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FHWA Home / Safety / Geometric Design / Publications / Mitigation Strategies For Design Exceptions

12. Lateral Offset to Obstruction

As discussed in Chapter 3, a lateral offset to obstruction is not the same as the clear zone.  A lateral offset, by definition, deals with objects so close to the roadway that there may be adverse impacts to the operation of the highway.  Some examples of these objects include walls, barriers, bridge piers, sign and signal supports, trees, and utility poles.  The clear zone is a clear recovery area, free of rigid obstacles and steep slopes, which serves a safety function.

Target areas:  Any highway with roadside obstacles near the traveled lanes&mdash most commonly, urban arterials.

Strategy:  Delineate roadside obstacles.

Assuming an object cannot be removed or relocated, the primary mitigation strategy is to make the objects highly visible to drivers.  Delineation with reflectors or reflective sheeting (Figures 68 and 69) is one method to make the objects more visible, particularly at night.  Another strategy to consider is lighting.  In addition to making roadside objects more visible, lighting has many other benefits in urban areas where design exceptions for lateral offset are most common&mdash from public safety benefits to improved pedestrian safety.

Figure 68.  Reflective sheeting on utility poles.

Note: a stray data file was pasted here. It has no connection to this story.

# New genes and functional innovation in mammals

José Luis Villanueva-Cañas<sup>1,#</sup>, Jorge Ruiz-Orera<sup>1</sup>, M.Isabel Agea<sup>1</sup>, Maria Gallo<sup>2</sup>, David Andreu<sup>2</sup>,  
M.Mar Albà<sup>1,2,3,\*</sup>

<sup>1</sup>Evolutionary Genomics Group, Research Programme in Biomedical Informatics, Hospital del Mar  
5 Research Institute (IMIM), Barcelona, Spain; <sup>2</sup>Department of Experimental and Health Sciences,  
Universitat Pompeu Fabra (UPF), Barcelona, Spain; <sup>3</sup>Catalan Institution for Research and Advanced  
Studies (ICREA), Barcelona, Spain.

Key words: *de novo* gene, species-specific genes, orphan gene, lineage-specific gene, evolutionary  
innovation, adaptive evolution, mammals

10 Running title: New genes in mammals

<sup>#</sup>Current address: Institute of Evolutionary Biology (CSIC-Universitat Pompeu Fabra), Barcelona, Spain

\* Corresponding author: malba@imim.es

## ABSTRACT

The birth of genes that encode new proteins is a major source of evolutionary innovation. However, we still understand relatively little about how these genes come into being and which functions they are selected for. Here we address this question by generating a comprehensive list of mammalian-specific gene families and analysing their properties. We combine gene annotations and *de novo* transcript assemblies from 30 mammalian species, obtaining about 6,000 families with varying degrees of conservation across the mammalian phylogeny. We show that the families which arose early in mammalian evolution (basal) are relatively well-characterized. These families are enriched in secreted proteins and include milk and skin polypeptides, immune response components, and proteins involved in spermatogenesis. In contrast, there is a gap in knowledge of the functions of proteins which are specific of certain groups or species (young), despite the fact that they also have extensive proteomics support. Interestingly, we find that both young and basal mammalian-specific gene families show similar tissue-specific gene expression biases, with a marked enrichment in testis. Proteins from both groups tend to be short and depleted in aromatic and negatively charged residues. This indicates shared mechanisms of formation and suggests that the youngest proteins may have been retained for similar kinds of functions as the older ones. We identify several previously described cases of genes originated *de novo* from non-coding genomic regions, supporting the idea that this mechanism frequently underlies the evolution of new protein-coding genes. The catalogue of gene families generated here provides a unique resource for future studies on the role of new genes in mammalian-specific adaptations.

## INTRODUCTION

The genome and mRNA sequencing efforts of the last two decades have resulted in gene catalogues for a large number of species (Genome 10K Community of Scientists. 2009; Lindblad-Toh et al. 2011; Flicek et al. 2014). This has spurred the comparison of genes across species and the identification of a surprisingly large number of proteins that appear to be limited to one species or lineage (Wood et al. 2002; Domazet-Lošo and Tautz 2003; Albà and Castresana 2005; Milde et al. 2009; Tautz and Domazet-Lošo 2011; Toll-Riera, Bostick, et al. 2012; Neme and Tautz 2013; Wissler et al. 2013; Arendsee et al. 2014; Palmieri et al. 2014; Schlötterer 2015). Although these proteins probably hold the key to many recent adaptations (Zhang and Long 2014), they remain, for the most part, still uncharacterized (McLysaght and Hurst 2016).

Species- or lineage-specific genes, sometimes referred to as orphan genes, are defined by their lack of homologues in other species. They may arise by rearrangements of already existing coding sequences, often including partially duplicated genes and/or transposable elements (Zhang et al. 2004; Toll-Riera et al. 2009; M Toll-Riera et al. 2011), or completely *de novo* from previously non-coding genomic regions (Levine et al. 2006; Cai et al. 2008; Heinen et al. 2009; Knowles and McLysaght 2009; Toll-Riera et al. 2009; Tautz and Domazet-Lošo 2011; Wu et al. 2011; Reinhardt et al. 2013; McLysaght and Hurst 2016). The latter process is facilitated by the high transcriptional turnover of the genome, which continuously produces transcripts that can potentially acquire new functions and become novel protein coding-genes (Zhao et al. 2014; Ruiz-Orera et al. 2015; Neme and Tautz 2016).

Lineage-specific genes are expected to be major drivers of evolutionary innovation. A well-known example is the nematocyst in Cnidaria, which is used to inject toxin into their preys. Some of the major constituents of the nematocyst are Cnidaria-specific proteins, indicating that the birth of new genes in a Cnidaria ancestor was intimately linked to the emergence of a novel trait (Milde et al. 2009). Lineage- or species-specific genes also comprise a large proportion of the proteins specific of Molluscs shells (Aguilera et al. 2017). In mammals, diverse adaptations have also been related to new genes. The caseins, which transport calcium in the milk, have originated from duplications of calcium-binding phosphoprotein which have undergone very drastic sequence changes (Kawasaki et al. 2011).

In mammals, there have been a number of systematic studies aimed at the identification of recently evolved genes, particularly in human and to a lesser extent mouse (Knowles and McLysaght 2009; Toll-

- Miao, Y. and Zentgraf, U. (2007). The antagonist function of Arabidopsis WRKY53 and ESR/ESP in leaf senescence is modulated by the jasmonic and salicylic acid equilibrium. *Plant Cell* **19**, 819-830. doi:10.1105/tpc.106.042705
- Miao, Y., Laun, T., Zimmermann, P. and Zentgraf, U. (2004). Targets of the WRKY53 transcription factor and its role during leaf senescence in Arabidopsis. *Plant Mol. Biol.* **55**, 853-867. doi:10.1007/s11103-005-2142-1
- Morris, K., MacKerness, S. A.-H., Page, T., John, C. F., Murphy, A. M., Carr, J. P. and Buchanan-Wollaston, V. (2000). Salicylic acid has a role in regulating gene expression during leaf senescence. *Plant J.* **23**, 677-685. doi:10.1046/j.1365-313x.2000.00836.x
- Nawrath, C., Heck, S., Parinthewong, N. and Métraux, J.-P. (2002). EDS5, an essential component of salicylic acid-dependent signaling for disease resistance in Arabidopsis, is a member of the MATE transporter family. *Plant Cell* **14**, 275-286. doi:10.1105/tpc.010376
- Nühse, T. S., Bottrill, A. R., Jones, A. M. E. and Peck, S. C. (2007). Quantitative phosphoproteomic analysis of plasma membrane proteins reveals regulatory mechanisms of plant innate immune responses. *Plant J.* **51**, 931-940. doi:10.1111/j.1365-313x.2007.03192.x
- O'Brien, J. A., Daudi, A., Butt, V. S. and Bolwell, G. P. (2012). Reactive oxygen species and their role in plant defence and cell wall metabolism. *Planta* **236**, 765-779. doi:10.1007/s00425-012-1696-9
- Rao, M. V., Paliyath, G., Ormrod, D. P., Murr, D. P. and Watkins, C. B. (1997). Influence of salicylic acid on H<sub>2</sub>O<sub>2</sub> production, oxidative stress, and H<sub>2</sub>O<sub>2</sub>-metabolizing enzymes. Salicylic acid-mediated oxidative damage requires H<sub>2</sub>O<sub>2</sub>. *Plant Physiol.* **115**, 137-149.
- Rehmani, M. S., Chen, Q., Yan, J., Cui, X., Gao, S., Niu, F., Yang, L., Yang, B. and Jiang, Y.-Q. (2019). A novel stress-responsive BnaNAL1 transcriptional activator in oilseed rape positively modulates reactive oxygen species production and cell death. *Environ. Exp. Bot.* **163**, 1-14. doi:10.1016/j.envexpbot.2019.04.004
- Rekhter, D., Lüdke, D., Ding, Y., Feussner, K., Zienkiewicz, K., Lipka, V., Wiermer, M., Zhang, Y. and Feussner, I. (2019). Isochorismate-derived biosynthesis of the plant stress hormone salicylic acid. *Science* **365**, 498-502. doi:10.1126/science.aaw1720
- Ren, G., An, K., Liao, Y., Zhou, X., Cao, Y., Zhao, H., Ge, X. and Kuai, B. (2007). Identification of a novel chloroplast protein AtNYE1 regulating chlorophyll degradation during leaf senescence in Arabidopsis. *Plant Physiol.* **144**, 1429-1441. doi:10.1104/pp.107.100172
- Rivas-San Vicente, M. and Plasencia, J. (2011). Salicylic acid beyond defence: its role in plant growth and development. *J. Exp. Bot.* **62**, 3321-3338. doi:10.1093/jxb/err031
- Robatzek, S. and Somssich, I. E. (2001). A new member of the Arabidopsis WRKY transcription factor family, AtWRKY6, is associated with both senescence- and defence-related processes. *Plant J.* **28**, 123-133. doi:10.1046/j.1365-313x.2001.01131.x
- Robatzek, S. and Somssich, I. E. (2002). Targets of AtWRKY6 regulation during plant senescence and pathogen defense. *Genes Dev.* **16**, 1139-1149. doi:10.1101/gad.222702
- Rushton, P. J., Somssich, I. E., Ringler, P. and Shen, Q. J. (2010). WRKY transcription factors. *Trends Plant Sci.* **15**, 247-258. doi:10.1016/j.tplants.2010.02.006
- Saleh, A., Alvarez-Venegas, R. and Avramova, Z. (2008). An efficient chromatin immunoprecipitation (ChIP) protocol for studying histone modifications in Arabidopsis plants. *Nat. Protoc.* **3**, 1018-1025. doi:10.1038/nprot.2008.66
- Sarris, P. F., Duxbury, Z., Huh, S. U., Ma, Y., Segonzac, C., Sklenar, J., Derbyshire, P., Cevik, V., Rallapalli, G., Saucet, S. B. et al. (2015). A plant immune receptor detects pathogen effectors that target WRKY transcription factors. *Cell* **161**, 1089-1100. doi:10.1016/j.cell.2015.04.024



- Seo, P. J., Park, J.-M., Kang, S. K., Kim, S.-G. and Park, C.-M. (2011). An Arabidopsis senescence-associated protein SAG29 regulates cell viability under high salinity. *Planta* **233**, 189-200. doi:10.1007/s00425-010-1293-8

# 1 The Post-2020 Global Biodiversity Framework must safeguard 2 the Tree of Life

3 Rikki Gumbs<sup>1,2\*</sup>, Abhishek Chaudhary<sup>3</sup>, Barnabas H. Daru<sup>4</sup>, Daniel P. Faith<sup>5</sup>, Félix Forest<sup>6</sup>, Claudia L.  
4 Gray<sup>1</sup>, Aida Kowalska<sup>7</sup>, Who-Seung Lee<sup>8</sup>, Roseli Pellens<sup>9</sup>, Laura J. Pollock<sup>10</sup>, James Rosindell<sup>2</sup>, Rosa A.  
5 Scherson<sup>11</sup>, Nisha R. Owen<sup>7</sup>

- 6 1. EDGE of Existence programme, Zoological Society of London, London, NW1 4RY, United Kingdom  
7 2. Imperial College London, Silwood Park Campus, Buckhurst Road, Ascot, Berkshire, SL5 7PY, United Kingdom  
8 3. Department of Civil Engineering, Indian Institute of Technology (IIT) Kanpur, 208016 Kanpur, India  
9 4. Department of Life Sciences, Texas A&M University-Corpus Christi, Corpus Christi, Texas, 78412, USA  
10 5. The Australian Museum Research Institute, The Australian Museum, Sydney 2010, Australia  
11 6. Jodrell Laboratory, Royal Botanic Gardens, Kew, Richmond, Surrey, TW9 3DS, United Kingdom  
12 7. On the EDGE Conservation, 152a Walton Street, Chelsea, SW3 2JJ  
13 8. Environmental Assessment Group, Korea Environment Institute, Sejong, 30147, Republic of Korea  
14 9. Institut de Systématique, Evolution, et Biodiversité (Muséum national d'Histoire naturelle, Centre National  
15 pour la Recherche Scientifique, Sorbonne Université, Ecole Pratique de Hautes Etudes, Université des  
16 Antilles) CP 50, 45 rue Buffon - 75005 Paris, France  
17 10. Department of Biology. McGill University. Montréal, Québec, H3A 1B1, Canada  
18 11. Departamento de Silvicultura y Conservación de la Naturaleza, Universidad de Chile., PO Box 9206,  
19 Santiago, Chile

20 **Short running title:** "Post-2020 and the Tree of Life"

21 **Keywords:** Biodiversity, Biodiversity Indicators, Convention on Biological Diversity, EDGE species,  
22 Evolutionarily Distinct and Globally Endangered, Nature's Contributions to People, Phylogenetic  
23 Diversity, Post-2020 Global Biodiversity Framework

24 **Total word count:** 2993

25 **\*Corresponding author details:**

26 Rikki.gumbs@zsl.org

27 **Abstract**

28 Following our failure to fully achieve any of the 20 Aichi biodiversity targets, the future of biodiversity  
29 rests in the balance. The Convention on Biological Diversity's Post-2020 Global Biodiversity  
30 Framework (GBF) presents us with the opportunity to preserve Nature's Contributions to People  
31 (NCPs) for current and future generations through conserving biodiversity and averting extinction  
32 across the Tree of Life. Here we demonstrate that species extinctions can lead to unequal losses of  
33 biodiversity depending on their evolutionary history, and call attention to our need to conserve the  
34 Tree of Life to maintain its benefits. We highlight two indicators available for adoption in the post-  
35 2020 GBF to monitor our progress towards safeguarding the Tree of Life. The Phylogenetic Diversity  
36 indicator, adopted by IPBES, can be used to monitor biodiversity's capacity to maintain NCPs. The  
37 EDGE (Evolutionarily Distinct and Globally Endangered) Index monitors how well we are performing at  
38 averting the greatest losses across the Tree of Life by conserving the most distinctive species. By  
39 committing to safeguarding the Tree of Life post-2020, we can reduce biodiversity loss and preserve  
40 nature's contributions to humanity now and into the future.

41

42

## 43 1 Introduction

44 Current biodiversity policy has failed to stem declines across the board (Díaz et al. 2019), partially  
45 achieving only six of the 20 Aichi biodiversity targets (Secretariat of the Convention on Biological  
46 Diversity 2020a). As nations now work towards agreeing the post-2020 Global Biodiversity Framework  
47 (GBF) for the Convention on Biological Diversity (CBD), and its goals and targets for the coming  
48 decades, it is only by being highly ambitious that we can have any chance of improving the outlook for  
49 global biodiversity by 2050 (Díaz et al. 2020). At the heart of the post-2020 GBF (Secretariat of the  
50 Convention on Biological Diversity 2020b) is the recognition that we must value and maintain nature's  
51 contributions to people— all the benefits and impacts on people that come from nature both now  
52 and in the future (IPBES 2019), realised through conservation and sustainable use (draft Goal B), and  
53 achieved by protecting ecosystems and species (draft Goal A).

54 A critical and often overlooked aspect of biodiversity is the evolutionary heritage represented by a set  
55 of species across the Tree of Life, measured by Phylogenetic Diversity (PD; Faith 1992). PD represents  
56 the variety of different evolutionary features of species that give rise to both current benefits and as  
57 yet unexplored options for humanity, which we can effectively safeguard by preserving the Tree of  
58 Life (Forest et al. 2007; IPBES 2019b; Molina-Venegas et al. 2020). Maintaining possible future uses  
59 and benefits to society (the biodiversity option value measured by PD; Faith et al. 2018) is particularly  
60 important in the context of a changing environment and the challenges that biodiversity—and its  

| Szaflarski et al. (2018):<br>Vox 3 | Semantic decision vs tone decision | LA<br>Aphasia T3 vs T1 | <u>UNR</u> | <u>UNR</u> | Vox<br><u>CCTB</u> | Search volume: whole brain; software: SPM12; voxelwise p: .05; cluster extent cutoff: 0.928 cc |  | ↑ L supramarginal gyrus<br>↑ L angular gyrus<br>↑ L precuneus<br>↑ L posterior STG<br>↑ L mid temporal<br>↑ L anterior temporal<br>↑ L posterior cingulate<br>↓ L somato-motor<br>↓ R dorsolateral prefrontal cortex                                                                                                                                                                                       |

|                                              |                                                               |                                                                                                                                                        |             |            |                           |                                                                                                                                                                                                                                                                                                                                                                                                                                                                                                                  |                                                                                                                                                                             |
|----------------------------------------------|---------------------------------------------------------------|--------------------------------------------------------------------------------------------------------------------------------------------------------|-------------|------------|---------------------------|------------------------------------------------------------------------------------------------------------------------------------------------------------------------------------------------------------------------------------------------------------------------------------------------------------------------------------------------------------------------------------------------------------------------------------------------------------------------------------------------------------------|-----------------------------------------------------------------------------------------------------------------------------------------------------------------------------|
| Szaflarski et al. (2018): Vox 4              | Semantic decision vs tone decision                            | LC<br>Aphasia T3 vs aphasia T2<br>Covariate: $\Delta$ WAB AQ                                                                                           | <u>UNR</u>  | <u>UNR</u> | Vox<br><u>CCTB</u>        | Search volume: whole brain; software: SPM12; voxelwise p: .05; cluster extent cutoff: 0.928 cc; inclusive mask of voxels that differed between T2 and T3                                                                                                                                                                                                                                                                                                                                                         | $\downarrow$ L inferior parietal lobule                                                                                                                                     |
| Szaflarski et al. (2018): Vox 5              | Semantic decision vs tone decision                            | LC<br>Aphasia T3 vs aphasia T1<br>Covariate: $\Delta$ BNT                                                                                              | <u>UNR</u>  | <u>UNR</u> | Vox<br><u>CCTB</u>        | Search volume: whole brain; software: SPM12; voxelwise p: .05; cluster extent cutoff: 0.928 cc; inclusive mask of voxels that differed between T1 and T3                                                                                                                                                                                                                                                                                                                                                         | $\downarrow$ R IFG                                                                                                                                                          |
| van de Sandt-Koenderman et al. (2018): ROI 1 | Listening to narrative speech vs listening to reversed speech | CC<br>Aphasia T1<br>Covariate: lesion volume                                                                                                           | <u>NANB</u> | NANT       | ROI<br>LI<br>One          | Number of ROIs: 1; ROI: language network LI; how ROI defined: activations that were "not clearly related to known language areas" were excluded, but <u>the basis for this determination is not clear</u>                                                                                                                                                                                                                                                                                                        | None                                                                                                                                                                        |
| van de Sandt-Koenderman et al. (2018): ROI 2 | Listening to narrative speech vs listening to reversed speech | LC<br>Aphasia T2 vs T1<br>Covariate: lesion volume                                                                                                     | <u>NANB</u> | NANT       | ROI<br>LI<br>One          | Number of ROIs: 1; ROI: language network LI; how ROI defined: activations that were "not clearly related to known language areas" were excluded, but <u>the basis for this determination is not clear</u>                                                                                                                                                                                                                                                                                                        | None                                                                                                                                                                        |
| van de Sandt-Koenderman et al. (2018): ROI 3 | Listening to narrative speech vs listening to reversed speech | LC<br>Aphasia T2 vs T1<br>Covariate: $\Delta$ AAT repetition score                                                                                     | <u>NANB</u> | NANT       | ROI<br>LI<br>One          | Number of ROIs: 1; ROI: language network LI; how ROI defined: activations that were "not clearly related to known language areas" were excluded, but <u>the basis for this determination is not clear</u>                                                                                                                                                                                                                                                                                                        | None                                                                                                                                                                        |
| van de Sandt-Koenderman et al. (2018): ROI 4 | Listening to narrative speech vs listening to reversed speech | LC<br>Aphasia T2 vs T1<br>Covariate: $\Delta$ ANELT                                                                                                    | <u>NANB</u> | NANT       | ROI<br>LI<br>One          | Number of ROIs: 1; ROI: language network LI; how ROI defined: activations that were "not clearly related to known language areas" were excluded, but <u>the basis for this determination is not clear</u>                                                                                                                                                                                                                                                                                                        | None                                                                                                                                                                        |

FIGURE 68

Reflective sheeting on utility poles.

Figure 68 is a photo showing a utility pole on the side of a road with a band of bright yellow reflective material wrapped around the pole, approximately 4 feet off the ground.

Figure 69.  Reflective sheeting on utility poles.

FIGURE 69

Reflective sheeting on utility poles.

Figure 69 is a photo showing a close-up view of a utility pole with a band of white reflective material encircling the pole about 4 feet off the ground.  The band is wrapped around a square of bright yellow reflective material in place behind it.

 

Target areas:  Any highway with roadside obstacles near the traveled lanes&mdash most commonly, urban arterials.

Strategy:  Narrow selected cross-sectional elements to provide additional offset to the obstruction.

On urban arterials with more than two lanes, another strategy to consider is distributing the available cross-sectional width to provide additional offset to the obstruction.  For example, through lanes, turn lanes, or medians could be narrowed slightly in order to provide additional offset or additional space for on-street parking.  With this strategy, care must be taken to ensure that any operational benefits gained in the outside lanes are not lost to poorer performance on the inside lanes.  Each site will have unique characteristics that need to be evaluated before determining an optimal distribution of the cross section&mdash traffic volumes, traffic composition, the available cross-sectional width, speed studies, and offset distance to the obstruction.

Target areas:  Any highway with roadside obstacles near the traveled lanes&mdash most commonly, urban arterials.

Strategy:  Enhanced pavement markings.

Another mitigation strategy for lateral offset is clear delineation of the lane lines.  See the Lane and Shoulder Width section for information on enhanced pavement markings.


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Page last modified on April 1, 2019
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